The researchers say these new changes in B. pertussis mean that the bacteria may be “metabolically fitter” than previous generations, and can more efficiently scavenge nutrients from hosts, while avoiding the host’s immune system responses.

In addition, because the evolved forms might not trigger immune responses as much, it’s possible people could be carrying an infection without realising, since fewer symptoms would show.

“The bacteria might still colonise you and survive without causing the disease,” says Luu.

“You probably wouldn’t know you’ve been infected with the whooping cough bacteria because you don’t get the symptoms.”

The new study builds upon multiple findings made by UNSW researchers in recent years, including the discovery that B. pertussis strains in China were evolving through selection pressure, and that strains without a surface protein called pertactin (targeted by whooping cough vaccines) could have an evolutionary advantage.

It all sounds pretty scary, and the latest research on superbugs in general indicates they’re already responsible for sickening 3 million people in the US every year, some 35,000 of which don’t survive the infection.

In terms of whooping cough though, the UNSW team says there’s no need to panic. B. pertussis is not yet a superbug, and current immunisation medicines still work – but the researchers do emphasise that new vaccines should be developed in the next five to 10 years, to counter the seeming changes underway in B. pertussis.

“Right now the vaccines are still very effective against the current strains,” Luu told The Sydney Morning Herald.

“In the future we do need a new vaccine to combat these strains as they continue to evolve.”

The findings are reported in Vaccine.

 



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What Is a Gamma-Ray Burst?


Gamma-ray bursts are the strongest and brightest explosions in the universe, thought to be generated during the formation of black holes. Though they last mere seconds, gamma-ray bursts produce as much energy as the sun will emit during its entire 10-billion-year existence.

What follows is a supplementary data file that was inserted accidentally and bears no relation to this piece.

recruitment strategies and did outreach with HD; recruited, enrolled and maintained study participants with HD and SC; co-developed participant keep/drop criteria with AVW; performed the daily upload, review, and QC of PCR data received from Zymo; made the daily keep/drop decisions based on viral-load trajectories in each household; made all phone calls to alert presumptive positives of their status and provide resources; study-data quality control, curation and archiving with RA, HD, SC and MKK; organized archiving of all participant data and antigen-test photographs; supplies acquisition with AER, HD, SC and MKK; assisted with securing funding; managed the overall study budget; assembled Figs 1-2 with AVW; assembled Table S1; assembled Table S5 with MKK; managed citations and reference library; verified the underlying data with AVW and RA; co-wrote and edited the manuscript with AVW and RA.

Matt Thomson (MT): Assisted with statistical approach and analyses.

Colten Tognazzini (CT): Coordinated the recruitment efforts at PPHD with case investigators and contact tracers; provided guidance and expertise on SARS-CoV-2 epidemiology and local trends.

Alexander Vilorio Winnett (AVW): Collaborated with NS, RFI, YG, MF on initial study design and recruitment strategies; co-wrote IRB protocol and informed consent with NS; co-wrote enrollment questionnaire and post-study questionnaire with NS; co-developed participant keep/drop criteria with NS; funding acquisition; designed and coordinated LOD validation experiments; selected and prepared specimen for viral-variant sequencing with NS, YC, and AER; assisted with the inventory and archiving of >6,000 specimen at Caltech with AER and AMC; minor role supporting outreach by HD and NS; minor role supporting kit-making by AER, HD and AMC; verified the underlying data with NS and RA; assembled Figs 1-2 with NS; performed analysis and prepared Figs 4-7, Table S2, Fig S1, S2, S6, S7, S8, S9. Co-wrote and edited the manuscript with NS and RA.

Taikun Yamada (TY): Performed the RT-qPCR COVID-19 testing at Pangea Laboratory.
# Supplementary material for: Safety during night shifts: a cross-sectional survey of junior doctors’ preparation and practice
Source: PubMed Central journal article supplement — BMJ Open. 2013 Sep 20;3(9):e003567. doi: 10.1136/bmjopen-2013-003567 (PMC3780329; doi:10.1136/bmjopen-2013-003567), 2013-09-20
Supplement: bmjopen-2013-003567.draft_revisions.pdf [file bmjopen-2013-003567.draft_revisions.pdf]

The enigmatic phenomena were first seen in 1967 by a U.S. Air Force satellite called Vela. The probe was designed to keep watch for secret Soviet nuclear testing, but it ended up spotting dazzling gamma-rays — the most powerful electromagnetic radiation — coming from beyond the solar system, according to NASA. When such an event happened, it would briefly become the brightest gamma-ray object in the observable universe.



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Do Carbon Offsets Really Work? It Depends on the Details


Last week, JetBlue announced it will offset its 15 billion to 17 billion pounds of greenhouse gas emissions by purchasing carbon credits and pumping cleaner-burning aviation fuel into planes landing at San Francisco International Airport. Great! Or is it? American corporations across the economy are trying to build up their green credentials, and carbon offsets seem to be the hammer of choice.

Investment and university pension funds, cement manufacturers, home heating distributors, tech giants like Google and Amazon, and the ride-hailing firm Lyft all say they are reducing their carbon footprint through similar offsets. Yet some critics worry the programs are an excuse to not take tougher measures to curb climate change. If not done right, the purchase of offsets can act as a marketing campaign that ends up providing cover for companies’ climate-harming practices.

When a company buys offsets, it helps fund projects elsewhere to help reduce greenhouse gas emissions, such as planting trees in Indonesia or installing giant machines inside California dairies that suck up the methane produced by burping and farting cows and turn it into a usable biofuel. What offsets don’t do is force their buyer to change any of its operations.

Supporters of offsets say they are only an acceptable tool once companies have done everything they can to pollute less, such as tightening up manufacturing processes, cutting down on office heating, or making delivery trucks run on cleaner fuels. Purchasing carbon offsets “is clearly better than doing nothing,” says Cameron Hepburn, who directs Oxford University’s economics of sustainability program. They can also help finance emerging green practices, technologies, and services that otherwise might struggle to find customers. “We know we will have to remove a lot of carbon dioxide from the atmosphere, and offsets are helpful in priming that market,” Hepburn says. But he and others caution that carbon offsets still need third-party verification to make sure they do what they are supposed to do, and that the specific carbon-reducing action wouldn’t have been taken otherwise.